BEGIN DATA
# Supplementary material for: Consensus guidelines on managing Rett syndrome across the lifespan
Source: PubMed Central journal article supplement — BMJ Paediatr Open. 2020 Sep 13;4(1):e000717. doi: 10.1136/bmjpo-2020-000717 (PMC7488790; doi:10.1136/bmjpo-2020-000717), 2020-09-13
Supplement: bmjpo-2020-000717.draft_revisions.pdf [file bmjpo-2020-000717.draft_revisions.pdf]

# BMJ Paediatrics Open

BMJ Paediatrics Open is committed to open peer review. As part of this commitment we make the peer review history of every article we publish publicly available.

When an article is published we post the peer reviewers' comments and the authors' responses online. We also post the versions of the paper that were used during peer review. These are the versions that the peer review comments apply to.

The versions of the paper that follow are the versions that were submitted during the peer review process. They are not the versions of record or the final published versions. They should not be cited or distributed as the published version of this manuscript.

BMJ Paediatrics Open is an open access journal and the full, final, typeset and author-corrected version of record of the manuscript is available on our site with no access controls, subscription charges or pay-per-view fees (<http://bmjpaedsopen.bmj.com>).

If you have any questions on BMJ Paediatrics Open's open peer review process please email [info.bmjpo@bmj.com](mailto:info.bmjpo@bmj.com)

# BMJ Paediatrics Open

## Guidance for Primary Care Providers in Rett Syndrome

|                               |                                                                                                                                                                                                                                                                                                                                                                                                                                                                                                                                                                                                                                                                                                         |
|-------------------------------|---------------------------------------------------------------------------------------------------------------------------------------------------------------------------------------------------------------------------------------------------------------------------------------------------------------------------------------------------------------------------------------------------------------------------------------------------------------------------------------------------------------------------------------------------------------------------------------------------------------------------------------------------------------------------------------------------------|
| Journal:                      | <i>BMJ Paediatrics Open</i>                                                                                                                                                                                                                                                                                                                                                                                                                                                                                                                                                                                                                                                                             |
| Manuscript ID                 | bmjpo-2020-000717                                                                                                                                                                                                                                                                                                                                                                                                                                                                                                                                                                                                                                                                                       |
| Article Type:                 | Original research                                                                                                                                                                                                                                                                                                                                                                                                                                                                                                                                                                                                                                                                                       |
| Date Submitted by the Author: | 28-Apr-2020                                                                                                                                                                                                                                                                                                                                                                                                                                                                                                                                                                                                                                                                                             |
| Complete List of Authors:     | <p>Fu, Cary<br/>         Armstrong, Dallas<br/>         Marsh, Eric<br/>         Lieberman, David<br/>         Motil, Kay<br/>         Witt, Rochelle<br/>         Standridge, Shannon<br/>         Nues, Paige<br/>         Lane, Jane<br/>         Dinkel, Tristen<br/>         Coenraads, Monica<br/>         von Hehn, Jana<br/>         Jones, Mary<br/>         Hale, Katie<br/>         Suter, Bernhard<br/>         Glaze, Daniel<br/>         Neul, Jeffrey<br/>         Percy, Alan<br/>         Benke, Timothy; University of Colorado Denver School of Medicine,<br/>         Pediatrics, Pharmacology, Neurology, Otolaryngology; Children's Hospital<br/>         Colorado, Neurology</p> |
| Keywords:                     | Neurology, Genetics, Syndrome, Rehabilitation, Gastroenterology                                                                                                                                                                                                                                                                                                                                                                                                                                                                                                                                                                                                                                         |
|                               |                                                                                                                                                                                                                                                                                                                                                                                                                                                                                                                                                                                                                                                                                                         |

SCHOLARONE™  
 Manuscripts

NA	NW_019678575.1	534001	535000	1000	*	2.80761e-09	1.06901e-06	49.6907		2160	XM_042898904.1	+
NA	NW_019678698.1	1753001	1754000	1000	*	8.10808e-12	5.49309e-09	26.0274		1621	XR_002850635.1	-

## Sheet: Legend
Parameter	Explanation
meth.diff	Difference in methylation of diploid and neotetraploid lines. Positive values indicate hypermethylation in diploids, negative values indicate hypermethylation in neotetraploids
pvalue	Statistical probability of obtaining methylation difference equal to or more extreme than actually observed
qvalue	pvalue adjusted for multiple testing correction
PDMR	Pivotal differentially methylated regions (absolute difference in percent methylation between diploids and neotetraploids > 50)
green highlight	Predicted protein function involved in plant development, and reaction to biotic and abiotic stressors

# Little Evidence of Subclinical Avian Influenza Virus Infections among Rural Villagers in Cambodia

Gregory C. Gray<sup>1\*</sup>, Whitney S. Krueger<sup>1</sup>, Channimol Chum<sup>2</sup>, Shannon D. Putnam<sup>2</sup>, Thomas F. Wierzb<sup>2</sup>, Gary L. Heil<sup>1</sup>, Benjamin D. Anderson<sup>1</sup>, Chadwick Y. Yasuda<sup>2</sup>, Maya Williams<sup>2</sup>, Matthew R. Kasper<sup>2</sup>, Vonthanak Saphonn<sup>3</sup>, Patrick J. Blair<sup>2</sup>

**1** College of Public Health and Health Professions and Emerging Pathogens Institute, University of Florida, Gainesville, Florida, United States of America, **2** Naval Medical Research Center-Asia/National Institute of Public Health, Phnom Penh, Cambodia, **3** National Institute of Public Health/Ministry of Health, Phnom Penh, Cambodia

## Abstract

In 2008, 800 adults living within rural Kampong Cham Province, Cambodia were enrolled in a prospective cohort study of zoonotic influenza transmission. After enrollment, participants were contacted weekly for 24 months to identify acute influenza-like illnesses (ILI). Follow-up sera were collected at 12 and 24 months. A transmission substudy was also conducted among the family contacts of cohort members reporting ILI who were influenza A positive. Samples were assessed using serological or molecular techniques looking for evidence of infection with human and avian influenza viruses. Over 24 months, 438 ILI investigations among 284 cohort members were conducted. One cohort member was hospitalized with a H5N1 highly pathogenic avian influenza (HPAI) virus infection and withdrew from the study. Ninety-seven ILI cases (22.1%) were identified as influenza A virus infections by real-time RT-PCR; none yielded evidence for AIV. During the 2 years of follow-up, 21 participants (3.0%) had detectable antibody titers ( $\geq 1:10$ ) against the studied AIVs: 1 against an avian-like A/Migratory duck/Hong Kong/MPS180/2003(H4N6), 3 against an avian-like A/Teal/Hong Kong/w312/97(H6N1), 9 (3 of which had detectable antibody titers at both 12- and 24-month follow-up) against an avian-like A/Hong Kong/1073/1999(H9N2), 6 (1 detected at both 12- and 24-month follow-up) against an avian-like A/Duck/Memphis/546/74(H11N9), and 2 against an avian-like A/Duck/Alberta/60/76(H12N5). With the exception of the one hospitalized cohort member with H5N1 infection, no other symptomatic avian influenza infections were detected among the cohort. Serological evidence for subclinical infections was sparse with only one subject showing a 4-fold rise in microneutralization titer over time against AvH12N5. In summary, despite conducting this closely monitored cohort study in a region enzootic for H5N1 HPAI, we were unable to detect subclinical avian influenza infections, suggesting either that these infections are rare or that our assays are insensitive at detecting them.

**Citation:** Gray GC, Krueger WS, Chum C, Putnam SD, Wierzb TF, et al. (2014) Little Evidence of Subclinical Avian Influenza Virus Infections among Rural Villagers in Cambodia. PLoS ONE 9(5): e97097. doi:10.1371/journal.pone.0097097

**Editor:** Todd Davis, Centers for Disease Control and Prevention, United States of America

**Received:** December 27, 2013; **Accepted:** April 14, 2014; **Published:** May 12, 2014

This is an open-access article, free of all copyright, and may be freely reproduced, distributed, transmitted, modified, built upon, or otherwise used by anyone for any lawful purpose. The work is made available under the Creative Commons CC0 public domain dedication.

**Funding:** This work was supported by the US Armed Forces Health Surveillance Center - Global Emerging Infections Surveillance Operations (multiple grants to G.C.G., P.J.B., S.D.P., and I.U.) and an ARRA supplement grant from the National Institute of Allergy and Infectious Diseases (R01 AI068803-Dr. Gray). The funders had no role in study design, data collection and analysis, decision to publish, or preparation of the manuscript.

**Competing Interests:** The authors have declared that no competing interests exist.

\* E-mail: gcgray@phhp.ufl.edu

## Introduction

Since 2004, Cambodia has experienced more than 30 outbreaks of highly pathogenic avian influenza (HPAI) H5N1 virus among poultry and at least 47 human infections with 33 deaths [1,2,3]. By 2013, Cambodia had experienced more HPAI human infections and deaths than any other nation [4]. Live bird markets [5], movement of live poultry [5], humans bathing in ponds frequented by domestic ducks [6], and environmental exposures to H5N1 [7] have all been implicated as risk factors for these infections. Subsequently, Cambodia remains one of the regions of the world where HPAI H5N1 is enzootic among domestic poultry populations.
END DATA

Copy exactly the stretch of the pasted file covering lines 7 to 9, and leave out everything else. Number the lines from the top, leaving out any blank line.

The versions of the paper that follow are the versions that were submitted during the peer review process. They are not the versions of record or the final published versions. They should not be cited or distributed as the published version of this manuscript.

BMJ Paediatrics Open is an open access journal and the full, final, typeset and author-corrected version of record of the manuscript is available on our site with no access controls, subscription charges or pay-per-view fees (<http://bmjpaedsopen.bmj.com>).

If you have any questions on BMJ Paediatrics Open's open peer review process please email [info.bmjpo@bmj.com](mailto:info.bmjpo@bmj.com)